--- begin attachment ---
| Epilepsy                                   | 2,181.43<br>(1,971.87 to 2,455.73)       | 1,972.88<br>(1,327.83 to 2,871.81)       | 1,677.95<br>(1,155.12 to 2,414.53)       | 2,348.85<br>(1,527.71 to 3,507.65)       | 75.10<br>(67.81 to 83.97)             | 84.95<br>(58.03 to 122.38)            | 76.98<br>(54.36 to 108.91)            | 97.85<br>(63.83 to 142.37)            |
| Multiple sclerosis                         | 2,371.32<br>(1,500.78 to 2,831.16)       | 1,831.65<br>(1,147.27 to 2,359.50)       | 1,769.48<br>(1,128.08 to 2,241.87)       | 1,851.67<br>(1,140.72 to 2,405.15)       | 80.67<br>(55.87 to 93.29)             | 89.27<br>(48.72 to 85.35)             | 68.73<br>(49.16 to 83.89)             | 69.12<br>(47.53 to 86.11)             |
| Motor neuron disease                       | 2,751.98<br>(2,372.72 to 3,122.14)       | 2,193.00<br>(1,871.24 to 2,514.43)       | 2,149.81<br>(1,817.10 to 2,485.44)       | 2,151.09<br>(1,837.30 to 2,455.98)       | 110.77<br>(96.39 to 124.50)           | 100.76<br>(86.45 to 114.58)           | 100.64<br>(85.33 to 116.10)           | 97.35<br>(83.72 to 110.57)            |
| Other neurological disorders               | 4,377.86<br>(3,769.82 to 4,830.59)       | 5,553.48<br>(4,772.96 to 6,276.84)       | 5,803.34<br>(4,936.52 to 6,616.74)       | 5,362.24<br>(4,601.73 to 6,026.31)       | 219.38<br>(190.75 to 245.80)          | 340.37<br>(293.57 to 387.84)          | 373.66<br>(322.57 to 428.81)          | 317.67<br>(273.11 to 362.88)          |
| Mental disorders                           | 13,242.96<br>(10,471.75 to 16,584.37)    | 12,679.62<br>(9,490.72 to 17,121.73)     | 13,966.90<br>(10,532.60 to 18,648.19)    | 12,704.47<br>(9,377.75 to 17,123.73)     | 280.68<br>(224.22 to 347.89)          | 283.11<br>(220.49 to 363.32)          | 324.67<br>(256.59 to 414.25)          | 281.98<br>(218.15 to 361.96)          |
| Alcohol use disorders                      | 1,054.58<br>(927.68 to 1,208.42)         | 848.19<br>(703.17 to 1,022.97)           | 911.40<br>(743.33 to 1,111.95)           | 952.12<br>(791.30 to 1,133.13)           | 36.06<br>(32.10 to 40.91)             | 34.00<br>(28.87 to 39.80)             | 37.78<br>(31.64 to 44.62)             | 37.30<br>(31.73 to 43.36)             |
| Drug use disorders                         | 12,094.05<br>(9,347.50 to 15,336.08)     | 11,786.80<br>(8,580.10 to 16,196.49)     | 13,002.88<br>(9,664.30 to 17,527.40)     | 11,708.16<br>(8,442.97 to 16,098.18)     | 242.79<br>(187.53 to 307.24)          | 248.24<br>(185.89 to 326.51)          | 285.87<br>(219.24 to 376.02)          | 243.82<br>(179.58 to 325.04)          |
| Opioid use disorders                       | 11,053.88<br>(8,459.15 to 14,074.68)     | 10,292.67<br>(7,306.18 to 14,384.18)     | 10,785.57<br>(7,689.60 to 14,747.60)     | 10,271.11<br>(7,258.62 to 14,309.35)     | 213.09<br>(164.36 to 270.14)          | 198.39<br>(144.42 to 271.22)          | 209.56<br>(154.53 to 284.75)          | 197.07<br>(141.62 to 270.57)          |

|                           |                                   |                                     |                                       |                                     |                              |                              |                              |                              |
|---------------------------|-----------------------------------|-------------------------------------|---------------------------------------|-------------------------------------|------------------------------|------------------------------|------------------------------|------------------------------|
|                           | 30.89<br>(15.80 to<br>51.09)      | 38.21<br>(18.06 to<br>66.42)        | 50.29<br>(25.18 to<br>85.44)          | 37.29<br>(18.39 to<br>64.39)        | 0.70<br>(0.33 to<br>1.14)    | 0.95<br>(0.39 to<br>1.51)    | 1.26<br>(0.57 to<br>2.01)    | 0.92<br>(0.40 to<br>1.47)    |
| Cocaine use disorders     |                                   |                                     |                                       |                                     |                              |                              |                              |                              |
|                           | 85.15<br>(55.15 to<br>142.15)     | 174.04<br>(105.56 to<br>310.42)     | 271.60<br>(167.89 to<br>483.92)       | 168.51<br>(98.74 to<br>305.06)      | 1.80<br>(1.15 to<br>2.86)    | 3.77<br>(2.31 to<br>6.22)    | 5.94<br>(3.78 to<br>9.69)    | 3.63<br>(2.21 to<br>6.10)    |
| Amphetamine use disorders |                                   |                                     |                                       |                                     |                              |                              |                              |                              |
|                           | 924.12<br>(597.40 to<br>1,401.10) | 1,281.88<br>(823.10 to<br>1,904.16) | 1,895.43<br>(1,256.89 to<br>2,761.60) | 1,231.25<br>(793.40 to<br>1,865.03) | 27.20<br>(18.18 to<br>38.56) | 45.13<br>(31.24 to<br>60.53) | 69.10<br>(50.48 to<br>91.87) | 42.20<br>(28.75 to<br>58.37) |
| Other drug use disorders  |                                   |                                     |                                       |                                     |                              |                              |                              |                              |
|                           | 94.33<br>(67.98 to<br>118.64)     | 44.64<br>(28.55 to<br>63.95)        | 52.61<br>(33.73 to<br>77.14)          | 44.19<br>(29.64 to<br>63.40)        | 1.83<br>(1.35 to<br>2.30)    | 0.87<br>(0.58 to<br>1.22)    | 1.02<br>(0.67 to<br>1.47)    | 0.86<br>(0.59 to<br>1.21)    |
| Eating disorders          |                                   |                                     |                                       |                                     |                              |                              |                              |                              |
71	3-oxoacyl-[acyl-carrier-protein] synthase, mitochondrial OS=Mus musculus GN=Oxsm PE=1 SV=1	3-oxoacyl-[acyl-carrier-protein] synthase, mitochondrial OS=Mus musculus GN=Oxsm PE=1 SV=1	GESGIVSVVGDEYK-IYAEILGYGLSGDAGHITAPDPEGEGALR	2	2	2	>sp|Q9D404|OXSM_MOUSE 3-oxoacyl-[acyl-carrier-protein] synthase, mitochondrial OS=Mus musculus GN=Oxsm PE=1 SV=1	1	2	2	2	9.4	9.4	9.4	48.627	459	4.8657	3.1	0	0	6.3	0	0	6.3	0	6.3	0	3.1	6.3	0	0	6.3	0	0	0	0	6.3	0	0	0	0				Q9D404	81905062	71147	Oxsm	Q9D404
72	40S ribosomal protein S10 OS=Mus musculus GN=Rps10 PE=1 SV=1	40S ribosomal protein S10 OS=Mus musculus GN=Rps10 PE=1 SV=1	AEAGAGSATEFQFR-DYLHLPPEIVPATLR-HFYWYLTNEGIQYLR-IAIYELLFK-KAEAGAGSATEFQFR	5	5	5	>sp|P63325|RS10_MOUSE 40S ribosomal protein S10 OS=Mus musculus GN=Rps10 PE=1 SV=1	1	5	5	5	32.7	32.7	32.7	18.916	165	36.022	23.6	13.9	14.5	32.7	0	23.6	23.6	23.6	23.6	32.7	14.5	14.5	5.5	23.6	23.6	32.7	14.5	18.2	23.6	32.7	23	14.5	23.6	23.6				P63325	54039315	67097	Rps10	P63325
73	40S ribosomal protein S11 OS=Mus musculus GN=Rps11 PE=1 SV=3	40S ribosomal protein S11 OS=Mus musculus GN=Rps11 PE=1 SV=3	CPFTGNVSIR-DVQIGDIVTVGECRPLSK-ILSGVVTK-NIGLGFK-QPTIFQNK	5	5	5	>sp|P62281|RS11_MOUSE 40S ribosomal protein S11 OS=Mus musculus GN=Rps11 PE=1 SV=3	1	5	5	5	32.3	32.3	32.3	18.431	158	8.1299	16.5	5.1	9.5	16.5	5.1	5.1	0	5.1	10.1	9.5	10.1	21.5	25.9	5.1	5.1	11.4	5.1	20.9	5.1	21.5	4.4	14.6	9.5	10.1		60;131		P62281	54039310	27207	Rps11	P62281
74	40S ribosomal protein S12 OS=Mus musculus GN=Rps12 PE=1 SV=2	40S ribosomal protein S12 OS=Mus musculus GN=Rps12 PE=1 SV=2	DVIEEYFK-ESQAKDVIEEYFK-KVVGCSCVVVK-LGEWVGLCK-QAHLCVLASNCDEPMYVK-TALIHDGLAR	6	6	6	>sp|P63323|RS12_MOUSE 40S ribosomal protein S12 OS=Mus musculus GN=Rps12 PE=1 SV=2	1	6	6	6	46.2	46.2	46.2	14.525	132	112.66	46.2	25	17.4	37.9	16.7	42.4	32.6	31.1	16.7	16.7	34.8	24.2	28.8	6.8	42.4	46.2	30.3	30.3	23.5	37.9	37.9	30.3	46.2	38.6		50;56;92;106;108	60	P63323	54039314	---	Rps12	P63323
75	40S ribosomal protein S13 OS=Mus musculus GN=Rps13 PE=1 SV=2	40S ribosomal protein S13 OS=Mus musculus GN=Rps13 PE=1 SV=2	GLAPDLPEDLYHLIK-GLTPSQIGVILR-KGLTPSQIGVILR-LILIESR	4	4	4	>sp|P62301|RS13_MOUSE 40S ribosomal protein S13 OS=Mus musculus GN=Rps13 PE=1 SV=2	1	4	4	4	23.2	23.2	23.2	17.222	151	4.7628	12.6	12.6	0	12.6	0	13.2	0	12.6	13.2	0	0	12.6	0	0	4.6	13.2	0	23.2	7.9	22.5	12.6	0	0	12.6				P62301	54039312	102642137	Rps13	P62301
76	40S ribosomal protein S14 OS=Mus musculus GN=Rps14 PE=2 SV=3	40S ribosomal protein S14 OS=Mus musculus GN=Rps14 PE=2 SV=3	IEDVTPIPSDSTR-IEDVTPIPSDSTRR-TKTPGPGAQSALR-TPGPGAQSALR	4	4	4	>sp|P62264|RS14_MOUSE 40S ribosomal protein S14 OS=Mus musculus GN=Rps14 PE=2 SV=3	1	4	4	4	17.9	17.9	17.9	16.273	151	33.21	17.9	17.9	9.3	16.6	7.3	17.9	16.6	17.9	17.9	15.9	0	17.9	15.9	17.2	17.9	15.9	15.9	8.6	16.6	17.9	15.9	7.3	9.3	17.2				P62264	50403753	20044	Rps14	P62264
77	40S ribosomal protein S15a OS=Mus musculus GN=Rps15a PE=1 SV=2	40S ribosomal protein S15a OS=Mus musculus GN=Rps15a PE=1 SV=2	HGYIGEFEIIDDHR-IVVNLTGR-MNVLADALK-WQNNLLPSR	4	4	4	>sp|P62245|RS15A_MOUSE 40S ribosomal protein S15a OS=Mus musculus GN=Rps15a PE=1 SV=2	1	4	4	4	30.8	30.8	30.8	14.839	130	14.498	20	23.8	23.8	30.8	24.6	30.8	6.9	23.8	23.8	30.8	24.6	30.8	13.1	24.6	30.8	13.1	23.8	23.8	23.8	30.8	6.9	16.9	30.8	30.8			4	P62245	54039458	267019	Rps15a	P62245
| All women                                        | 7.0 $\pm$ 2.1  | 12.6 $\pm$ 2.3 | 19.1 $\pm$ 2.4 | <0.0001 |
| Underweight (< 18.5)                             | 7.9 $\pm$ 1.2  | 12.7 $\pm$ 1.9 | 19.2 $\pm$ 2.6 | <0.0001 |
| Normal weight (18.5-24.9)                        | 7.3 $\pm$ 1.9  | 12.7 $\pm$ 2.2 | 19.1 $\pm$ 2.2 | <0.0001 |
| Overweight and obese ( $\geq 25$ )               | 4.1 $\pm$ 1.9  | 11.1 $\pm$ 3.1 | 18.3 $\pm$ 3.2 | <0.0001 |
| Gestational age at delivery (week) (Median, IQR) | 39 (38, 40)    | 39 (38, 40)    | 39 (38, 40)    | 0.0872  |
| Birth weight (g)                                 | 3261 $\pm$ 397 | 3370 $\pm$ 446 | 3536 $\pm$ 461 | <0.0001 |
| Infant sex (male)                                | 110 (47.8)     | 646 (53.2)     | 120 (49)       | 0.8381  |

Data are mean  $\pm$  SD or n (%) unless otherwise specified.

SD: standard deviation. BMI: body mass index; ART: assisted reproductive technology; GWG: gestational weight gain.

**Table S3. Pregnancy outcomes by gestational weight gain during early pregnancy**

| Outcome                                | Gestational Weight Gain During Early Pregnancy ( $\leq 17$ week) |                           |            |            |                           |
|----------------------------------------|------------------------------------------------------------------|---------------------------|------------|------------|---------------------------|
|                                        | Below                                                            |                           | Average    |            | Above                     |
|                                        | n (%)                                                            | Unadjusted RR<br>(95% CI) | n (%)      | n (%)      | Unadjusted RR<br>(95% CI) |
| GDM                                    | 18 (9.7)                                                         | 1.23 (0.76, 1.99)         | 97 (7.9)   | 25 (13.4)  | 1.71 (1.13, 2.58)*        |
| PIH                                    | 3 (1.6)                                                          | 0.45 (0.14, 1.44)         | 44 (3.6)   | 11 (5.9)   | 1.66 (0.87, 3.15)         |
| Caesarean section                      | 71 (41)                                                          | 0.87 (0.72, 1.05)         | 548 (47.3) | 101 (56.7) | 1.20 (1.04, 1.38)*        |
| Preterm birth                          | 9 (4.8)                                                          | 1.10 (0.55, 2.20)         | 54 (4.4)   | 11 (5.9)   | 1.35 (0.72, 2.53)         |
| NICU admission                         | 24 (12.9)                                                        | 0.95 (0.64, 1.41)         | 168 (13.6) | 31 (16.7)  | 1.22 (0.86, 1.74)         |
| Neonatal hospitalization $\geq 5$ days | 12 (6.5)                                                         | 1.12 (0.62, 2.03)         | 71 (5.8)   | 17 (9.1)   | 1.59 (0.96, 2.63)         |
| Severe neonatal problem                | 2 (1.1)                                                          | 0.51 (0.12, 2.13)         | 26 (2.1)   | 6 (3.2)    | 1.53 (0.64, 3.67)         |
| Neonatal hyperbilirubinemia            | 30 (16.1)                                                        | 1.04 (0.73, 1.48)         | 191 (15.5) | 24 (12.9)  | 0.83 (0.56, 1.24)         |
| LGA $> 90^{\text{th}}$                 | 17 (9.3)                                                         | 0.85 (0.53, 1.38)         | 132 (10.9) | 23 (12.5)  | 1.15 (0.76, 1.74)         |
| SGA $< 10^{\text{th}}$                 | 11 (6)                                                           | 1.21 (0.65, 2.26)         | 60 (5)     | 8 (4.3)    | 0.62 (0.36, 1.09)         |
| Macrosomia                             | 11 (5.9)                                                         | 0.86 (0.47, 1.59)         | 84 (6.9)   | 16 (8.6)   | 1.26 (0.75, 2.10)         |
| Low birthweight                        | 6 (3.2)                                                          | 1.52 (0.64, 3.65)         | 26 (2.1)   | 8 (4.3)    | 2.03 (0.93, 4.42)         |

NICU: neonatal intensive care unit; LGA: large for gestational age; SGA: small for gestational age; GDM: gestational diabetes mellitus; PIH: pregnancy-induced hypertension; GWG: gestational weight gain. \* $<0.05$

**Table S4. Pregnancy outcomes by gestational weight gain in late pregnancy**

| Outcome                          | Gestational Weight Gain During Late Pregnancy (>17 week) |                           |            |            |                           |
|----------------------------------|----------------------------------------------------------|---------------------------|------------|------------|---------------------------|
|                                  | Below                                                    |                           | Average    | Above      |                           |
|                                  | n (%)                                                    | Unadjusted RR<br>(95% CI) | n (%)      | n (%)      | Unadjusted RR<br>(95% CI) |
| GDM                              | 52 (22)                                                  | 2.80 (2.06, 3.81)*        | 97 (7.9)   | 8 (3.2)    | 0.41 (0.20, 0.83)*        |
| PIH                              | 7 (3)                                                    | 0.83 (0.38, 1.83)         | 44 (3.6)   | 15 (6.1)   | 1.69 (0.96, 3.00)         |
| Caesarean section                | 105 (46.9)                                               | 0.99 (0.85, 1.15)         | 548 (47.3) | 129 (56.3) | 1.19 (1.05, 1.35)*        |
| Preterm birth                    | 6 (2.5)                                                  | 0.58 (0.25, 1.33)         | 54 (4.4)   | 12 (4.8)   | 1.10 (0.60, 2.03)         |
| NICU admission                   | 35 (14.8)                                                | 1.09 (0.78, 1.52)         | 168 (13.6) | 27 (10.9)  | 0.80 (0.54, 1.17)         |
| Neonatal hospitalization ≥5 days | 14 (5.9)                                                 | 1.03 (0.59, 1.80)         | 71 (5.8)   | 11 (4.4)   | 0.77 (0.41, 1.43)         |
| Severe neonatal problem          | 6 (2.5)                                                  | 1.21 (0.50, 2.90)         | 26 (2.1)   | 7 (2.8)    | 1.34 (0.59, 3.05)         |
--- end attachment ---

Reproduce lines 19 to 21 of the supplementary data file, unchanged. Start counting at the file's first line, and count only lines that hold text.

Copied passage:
71	3-oxoacyl-[acyl-carrier-protein] synthase, mitochondrial OS=Mus musculus GN=Oxsm PE=1 SV=1	3-oxoacyl-[acyl-carrier-protein] synthase, mitochondrial OS=Mus musculus GN=Oxsm PE=1 SV=1	GESGIVSVVGDEYK-IYAEILGYGLSGDAGHITAPDPEGEGALR	2	2	2	>sp|Q9D404|OXSM_MOUSE 3-oxoacyl-[acyl-carrier-protein] synthase, mitochondrial OS=Mus musculus GN=Oxsm PE=1 SV=1	1	2	2	2	9.4	9.4	9.4	48.627	459	4.8657	3.1	0	0	6.3	0	0	6.3	0	6.3	0	3.1	6.3	0	0	6.3	0	0	0	0	6.3	0	0	0	0				Q9D404	81905062	71147	Oxsm	Q9D404
72	40S ribosomal protein S10 OS=Mus musculus GN=Rps10 PE=1 SV=1	40S ribosomal protein S10 OS=Mus musculus GN=Rps10 PE=1 SV=1	AEAGAGSATEFQFR-DYLHLPPEIVPATLR-HFYWYLTNEGIQYLR-IAIYELLFK-KAEAGAGSATEFQFR	5	5	5	>sp|P63325|RS10_MOUSE 40S ribosomal protein S10 OS=Mus musculus GN=Rps10 PE=1 SV=1	1	5	5	5	32.7	32.7	32.7	18.916	165	36.022	23.6	13.9	14.5	32.7	0	23.6	23.6	23.6	23.6	32.7	14.5	14.5	5.5	23.6	23.6	32.7	14.5	18.2	23.6	32.7	23	14.5	23.6	23.6				P63325	54039315	67097	Rps10	P63325
73	40S ribosomal protein S11 OS=Mus musculus GN=Rps11 PE=1 SV=3	40S ribosomal protein S11 OS=Mus musculus GN=Rps11 PE=1 SV=3	CPFTGNVSIR-DVQIGDIVTVGECRPLSK-ILSGVVTK-NIGLGFK-QPTIFQNK	5	5	5	>sp|P62281|RS11_MOUSE 40S ribosomal protein S11 OS=Mus musculus GN=Rps11 PE=1 SV=3	1	5	5	5	32.3	32.3	32.3	18.431	158	8.1299	16.5	5.1	9.5	16.5	5.1	5.1	0	5.1	10.1	9.5	10.1	21.5	25.9	5.1	5.1	11.4	5.1	20.9	5.1	21.5	4.4	14.6	9.5	10.1		60;131		P62281	54039310	27207	Rps11	P62281